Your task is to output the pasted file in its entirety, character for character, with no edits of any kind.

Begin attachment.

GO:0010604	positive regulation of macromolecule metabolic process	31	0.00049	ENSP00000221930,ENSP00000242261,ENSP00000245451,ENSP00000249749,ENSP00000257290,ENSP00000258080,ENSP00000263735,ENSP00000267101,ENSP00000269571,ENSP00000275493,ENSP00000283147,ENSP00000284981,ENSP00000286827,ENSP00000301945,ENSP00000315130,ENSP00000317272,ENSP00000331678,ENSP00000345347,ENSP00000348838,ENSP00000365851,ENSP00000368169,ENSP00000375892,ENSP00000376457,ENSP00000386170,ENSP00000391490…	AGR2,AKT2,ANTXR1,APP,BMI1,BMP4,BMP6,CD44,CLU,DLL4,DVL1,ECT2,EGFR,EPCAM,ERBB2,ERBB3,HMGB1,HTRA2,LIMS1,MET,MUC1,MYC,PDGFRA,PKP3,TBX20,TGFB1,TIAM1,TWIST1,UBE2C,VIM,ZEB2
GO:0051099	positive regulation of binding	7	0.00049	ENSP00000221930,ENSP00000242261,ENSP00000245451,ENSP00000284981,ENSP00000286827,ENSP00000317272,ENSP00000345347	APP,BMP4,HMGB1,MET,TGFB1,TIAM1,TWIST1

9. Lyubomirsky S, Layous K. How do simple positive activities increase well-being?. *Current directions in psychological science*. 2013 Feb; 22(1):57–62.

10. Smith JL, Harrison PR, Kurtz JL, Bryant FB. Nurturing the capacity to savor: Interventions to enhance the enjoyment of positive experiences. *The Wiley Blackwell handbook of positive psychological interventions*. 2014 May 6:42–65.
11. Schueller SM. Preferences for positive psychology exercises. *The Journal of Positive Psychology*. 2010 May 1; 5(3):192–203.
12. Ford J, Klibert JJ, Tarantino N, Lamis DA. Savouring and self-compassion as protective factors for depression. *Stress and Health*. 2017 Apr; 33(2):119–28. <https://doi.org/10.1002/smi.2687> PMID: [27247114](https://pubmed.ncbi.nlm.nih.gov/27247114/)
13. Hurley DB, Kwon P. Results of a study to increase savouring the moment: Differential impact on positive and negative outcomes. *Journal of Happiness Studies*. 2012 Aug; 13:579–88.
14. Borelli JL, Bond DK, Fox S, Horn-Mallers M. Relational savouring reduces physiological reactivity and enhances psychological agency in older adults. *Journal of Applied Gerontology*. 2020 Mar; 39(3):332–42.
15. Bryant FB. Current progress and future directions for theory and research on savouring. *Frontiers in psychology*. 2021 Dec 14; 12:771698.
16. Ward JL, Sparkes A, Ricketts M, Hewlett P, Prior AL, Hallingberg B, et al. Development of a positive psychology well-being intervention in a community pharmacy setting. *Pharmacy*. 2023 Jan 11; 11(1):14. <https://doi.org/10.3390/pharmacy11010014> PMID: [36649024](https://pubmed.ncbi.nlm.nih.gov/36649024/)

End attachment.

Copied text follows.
GO:0010604	positive regulation of macromolecule metabolic process	31	0.00049	ENSP00000221930,ENSP00000242261,ENSP00000245451,ENSP00000249749,ENSP00000257290,ENSP00000258080,ENSP00000263735,ENSP00000267101,ENSP00000269571,ENSP00000275493,ENSP00000283147,ENSP00000284981,ENSP00000286827,ENSP00000301945,ENSP00000315130,ENSP00000317272,ENSP00000331678,ENSP00000345347,ENSP00000348838,ENSP00000365851,ENSP00000368169,ENSP00000375892,ENSP00000376457,ENSP00000386170,ENSP00000391490…	AGR2,AKT2,ANTXR1,APP,BMI1,BMP4,BMP6,CD44,CLU,DLL4,DVL1,ECT2,EGFR,EPCAM,ERBB2,ERBB3,HMGB1,HTRA2,LIMS1,MET,MUC1,MYC,PDGFRA,PKP3,TBX20,TGFB1,TIAM1,TWIST1,UBE2C,VIM,ZEB2
GO:0051099	positive regulation of binding	7	0.00049	ENSP00000221930,ENSP00000242261,ENSP00000245451,ENSP00000284981,ENSP00000286827,ENSP00000317272,ENSP00000345347	APP,BMP4,HMGB1,MET,TGFB1,TIAM1,TWIST1

9. Lyubomirsky S, Layous K. How do simple positive activities increase well-being?. *Current directions in psychological science*. 2013 Feb; 22(1):57–62.

10. Smith JL, Harrison PR, Kurtz JL, Bryant FB. Nurturing the capacity to savor: Interventions to enhance the enjoyment of positive experiences. *The Wiley Blackwell handbook of positive psychological interventions*. 2014 May 6:42–65.
11. Schueller SM. Preferences for positive psychology exercises. *The Journal of Positive Psychology*. 2010 May 1; 5(3):192–203.
12. Ford J, Klibert JJ, Tarantino N, Lamis DA. Savouring and self-compassion as protective factors for depression. *Stress and Health*. 2017 Apr; 33(2):119–28. <https://doi.org/10.1002/smi.2687> PMID: [27247114](https://pubmed.ncbi.nlm.nih.gov/27247114/)
13. Hurley DB, Kwon P. Results of a study to increase savouring the moment: Differential impact on positive and negative outcomes. *Journal of Happiness Studies*. 2012 Aug; 13:579–88.
14. Borelli JL, Bond DK, Fox S, Horn-Mallers M. Relational savouring reduces physiological reactivity and enhances psychological agency in older adults. *Journal of Applied Gerontology*. 2020 Mar; 39(3):332–42.
15. Bryant FB. Current progress and future directions for theory and research on savouring. *Frontiers in psychology*. 2021 Dec 14; 12:771698.
16. Ward JL, Sparkes A, Ricketts M, Hewlett P, Prior AL, Hallingberg B, et al. Development of a positive psychology well-being intervention in a community pharmacy setting. *Pharmacy*. 2023 Jan 11; 11(1):14. <https://doi.org/10.3390/pharmacy11010014> PMID: [36649024](https://pubmed.ncbi.nlm.nih.gov/36649024/)